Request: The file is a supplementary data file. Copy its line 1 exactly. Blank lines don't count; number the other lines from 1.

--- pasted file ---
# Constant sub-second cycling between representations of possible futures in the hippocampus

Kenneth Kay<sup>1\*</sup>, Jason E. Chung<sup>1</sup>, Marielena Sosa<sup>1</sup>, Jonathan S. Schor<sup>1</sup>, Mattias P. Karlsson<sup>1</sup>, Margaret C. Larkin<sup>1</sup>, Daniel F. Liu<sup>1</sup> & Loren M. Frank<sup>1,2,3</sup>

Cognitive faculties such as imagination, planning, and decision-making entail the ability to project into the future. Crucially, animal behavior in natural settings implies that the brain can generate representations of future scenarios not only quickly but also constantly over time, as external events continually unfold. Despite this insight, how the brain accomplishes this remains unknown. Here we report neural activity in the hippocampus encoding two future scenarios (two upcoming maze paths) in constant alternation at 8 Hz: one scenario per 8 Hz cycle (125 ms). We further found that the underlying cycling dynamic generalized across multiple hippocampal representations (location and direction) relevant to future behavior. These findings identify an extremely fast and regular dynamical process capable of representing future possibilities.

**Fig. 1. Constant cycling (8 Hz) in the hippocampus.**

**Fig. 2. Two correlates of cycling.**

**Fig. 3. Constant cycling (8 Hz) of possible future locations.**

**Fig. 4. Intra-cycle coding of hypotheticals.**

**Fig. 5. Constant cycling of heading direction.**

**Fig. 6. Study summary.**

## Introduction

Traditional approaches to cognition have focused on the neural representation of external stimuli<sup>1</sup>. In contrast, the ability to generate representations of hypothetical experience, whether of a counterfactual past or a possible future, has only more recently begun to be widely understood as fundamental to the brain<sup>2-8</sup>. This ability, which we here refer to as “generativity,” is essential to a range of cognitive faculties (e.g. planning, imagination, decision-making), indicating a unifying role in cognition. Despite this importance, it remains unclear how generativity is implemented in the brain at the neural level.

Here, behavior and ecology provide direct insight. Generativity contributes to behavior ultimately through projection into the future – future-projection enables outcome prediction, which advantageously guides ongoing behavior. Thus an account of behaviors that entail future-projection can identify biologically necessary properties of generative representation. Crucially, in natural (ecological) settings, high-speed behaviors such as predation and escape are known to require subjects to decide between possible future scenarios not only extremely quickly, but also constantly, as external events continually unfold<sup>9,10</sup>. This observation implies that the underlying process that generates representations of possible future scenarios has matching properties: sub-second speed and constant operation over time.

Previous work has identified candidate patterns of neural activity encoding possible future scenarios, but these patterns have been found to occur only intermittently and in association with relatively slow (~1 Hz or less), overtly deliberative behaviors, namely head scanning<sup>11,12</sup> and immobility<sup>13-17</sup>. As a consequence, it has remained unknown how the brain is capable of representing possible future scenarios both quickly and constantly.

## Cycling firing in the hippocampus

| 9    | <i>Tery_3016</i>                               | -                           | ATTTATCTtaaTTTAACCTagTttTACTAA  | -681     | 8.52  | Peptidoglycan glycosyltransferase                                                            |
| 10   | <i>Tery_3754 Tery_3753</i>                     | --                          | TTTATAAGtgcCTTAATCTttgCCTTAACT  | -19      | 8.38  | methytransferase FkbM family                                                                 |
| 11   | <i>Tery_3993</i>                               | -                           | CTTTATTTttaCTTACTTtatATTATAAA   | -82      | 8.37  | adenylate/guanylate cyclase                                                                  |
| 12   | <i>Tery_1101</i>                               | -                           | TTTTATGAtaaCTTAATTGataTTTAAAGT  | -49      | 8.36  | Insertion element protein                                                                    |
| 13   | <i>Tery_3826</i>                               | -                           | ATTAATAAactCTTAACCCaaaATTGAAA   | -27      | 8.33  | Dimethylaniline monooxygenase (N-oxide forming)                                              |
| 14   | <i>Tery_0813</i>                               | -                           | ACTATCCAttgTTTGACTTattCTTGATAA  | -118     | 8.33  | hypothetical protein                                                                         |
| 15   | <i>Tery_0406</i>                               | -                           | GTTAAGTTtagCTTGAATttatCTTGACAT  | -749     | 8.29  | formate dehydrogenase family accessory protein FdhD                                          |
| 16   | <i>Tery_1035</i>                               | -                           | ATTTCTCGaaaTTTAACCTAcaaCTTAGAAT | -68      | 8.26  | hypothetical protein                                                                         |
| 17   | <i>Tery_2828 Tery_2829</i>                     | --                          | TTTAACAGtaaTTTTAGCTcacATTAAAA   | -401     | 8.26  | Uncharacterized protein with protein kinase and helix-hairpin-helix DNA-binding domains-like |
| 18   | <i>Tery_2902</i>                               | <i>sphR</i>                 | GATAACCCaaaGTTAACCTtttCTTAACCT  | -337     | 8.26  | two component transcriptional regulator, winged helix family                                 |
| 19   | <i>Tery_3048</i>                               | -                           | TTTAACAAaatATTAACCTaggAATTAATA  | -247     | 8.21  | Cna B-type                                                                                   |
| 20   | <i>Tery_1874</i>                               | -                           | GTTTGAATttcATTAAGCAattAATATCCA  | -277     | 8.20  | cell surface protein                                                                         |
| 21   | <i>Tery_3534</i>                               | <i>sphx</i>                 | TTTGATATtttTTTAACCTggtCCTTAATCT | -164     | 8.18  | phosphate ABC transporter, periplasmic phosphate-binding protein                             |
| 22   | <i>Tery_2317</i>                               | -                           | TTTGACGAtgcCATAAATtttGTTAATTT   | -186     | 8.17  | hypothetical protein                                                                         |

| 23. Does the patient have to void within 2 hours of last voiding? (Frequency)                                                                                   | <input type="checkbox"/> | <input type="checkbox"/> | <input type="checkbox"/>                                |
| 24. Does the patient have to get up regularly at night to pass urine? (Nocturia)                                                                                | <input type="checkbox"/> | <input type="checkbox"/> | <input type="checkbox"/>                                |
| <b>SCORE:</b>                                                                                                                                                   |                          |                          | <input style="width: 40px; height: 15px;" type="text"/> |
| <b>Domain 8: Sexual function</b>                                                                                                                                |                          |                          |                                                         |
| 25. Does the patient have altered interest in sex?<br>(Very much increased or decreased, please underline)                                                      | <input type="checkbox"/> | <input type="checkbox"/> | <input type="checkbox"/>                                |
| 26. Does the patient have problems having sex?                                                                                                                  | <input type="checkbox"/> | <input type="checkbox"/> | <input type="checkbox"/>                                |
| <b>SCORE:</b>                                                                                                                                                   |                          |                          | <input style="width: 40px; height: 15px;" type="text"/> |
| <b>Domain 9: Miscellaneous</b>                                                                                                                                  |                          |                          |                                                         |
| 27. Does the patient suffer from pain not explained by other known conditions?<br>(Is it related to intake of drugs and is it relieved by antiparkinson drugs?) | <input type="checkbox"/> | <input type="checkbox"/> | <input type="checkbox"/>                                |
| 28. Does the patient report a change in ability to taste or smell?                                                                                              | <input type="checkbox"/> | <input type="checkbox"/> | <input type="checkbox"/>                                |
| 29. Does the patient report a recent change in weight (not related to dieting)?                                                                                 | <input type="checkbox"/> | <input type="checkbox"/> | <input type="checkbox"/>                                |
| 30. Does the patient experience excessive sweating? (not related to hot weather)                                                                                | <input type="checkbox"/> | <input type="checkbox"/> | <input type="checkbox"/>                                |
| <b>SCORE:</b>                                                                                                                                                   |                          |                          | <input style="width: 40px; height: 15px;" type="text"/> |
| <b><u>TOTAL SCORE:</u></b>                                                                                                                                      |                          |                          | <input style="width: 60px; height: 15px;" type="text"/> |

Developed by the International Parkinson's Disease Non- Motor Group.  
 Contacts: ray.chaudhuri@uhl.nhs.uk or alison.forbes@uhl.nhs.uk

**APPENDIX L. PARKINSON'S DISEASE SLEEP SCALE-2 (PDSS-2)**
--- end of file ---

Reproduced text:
# Constant sub-second cycling between representations of possible futures in the hippocampus